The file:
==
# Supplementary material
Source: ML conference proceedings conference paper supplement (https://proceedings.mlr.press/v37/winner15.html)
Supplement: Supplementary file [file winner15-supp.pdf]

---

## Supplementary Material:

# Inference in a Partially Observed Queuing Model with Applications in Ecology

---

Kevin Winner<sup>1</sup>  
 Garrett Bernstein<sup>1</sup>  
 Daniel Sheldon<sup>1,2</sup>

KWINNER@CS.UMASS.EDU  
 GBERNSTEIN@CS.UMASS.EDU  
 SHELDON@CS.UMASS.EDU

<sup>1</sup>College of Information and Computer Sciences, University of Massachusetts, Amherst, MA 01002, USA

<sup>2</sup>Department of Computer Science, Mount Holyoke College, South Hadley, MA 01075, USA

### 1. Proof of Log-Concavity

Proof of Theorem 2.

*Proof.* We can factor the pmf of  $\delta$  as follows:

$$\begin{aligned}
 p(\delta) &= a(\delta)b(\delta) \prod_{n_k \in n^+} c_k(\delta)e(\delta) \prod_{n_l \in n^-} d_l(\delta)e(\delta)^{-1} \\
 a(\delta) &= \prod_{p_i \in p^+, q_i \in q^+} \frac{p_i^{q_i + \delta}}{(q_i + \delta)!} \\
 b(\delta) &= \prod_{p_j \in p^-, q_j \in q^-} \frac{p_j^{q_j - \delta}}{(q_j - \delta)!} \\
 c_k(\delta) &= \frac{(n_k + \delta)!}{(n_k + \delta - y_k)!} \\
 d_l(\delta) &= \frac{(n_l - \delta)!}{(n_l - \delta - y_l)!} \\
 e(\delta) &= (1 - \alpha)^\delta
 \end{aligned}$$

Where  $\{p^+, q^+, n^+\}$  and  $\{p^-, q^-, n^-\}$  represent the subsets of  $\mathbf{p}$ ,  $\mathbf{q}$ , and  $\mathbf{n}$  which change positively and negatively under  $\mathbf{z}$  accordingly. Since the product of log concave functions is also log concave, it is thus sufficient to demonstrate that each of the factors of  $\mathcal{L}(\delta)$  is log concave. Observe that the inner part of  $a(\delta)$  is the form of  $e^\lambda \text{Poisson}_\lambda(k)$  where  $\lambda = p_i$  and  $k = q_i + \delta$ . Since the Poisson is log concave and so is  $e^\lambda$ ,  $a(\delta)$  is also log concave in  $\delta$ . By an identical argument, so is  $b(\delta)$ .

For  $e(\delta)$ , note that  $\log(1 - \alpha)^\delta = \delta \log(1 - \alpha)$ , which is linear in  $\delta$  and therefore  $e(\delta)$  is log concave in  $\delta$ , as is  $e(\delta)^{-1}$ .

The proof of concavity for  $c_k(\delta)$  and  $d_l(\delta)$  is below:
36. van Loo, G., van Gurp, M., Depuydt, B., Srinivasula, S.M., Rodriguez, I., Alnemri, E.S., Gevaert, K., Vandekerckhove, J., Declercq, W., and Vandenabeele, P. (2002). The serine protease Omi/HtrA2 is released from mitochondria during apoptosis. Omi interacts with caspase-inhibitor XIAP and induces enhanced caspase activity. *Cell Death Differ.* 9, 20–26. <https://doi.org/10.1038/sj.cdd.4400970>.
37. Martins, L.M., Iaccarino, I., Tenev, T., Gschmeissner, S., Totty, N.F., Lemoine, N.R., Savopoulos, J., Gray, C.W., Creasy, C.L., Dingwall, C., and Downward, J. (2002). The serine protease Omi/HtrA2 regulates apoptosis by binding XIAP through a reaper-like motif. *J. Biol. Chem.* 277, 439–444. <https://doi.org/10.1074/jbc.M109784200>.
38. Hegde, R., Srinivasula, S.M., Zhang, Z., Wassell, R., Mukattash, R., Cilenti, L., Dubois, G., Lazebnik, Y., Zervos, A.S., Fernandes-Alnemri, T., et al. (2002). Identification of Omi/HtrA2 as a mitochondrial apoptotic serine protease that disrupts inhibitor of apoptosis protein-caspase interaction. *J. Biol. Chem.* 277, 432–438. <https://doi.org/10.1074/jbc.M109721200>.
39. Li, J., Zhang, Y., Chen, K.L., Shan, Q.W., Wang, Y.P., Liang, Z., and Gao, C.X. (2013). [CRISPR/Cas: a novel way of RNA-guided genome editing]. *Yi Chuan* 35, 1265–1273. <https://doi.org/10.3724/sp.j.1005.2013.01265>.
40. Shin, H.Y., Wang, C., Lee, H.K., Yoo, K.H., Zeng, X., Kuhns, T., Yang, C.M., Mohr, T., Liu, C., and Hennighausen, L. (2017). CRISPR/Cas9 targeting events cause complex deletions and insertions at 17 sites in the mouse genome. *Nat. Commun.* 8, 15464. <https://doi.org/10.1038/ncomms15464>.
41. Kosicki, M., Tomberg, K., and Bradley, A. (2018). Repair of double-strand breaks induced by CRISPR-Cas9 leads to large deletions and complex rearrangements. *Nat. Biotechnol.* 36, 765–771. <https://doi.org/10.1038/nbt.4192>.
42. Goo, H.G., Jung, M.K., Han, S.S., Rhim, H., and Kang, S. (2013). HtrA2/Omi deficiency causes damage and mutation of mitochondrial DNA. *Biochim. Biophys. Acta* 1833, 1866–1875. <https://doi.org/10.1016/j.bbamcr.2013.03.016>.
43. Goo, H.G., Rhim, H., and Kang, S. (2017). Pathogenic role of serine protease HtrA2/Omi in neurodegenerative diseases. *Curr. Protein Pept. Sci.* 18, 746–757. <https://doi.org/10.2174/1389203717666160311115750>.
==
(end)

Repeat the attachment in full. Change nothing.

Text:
# Supplementary material
Source: ML conference proceedings conference paper supplement (https://proceedings.mlr.press/v37/winner15.html)
Supplement: Supplementary file [file winner15-supp.pdf]

---

## Supplementary Material:

# Inference in a Partially Observed Queuing Model with Applications in Ecology

---

Kevin Winner<sup>1</sup>  
 Garrett Bernstein<sup>1</sup>  
 Daniel Sheldon<sup>1,2</sup>

KWINNER@CS.UMASS.EDU  
 GBERNSTEIN@CS.UMASS.EDU  
 SHELDON@CS.UMASS.EDU

<sup>1</sup>College of Information and Computer Sciences, University of Massachusetts, Amherst, MA 01002, USA

<sup>2</sup>Department of Computer Science, Mount Holyoke College, South Hadley, MA 01075, USA

### 1. Proof of Log-Concavity

Proof of Theorem 2.

*Proof.* We can factor the pmf of  $\delta$  as follows:

$$\begin{aligned}
 p(\delta) &= a(\delta)b(\delta) \prod_{n_k \in n^+} c_k(\delta)e(\delta) \prod_{n_l \in n^-} d_l(\delta)e(\delta)^{-1} \\
 a(\delta) &= \prod_{p_i \in p^+, q_i \in q^+} \frac{p_i^{q_i + \delta}}{(q_i + \delta)!} \\
 b(\delta) &= \prod_{p_j \in p^-, q_j \in q^-} \frac{p_j^{q_j - \delta}}{(q_j - \delta)!} \\
 c_k(\delta) &= \frac{(n_k + \delta)!}{(n_k + \delta - y_k)!} \\
 d_l(\delta) &= \frac{(n_l - \delta)!}{(n_l - \delta - y_l)!} \\
 e(\delta) &= (1 - \alpha)^\delta
 \end{aligned}$$

Where  $\{p^+, q^+, n^+\}$  and  $\{p^-, q^-, n^-\}$  represent the subsets of  $\mathbf{p}$ ,  $\mathbf{q}$ , and  $\mathbf{n}$  which change positively and negatively under  $\mathbf{z}$  accordingly. Since the product of log concave functions is also log concave, it is thus sufficient to demonstrate that each of the factors of  $\mathcal{L}(\delta)$  is log concave. Observe that the inner part of  $a(\delta)$  is the form of  $e^\lambda \text{Poisson}_\lambda(k)$  where  $\lambda = p_i$  and  $k = q_i + \delta$ . Since the Poisson is log concave and so is  $e^\lambda$ ,  $a(\delta)$  is also log concave in  $\delta$ . By an identical argument, so is  $b(\delta)$ .

For  $e(\delta)$ , note that  $\log(1 - \alpha)^\delta = \delta \log(1 - \alpha)$ , which is linear in  $\delta$  and therefore  $e(\delta)$  is log concave in  $\delta$ , as is  $e(\delta)^{-1}$ .

The proof of concavity for  $c_k(\delta)$  and  $d_l(\delta)$  is below:
36. van Loo, G., van Gurp, M., Depuydt, B., Srinivasula, S.M., Rodriguez, I., Alnemri, E.S., Gevaert, K., Vandekerckhove, J., Declercq, W., and Vandenabeele, P. (2002). The serine protease Omi/HtrA2 is released from mitochondria during apoptosis. Omi interacts with caspase-inhibitor XIAP and induces enhanced caspase activity. *Cell Death Differ.* 9, 20–26. <https://doi.org/10.1038/sj.cdd.4400970>.
37. Martins, L.M., Iaccarino, I., Tenev, T., Gschmeissner, S., Totty, N.F., Lemoine, N.R., Savopoulos, J., Gray, C.W., Creasy, C.L., Dingwall, C., and Downward, J. (2002). The serine protease Omi/HtrA2 regulates apoptosis by binding XIAP through a reaper-like motif. *J. Biol. Chem.* 277, 439–444. <https://doi.org/10.1074/jbc.M109784200>.
38. Hegde, R., Srinivasula, S.M., Zhang, Z., Wassell, R., Mukattash, R., Cilenti, L., Dubois, G., Lazebnik, Y., Zervos, A.S., Fernandes-Alnemri, T., et al. (2002). Identification of Omi/HtrA2 as a mitochondrial apoptotic serine protease that disrupts inhibitor of apoptosis protein-caspase interaction. *J. Biol. Chem.* 277, 432–438. <https://doi.org/10.1074/jbc.M109721200>.
39. Li, J., Zhang, Y., Chen, K.L., Shan, Q.W., Wang, Y.P., Liang, Z., and Gao, C.X. (2013). [CRISPR/Cas: a novel way of RNA-guided genome editing]. *Yi Chuan* 35, 1265–1273. <https://doi.org/10.3724/sp.j.1005.2013.01265>.
40. Shin, H.Y., Wang, C., Lee, H.K., Yoo, K.H., Zeng, X., Kuhns, T., Yang, C.M., Mohr, T., Liu, C., and Hennighausen, L. (2017). CRISPR/Cas9 targeting events cause complex deletions and insertions at 17 sites in the mouse genome. *Nat. Commun.* 8, 15464. <https://doi.org/10.1038/ncomms15464>.
41. Kosicki, M., Tomberg, K., and Bradley, A. (2018). Repair of double-strand breaks induced by CRISPR-Cas9 leads to large deletions and complex rearrangements. *Nat. Biotechnol.* 36, 765–771. <https://doi.org/10.1038/nbt.4192>.
42. Goo, H.G., Jung, M.K., Han, S.S., Rhim, H., and Kang, S. (2013). HtrA2/Omi deficiency causes damage and mutation of mitochondrial DNA. *Biochim. Biophys. Acta* 1833, 1866–1875. <https://doi.org/10.1016/j.bbamcr.2013.03.016>.
43. Goo, H.G., Rhim, H., and Kang, S. (2017). Pathogenic role of serine protease HtrA2/Omi in neurodegenerative diseases. *Curr. Protein Pept. Sci.* 18, 746–757. <https://doi.org/10.2174/1389203717666160311115750>.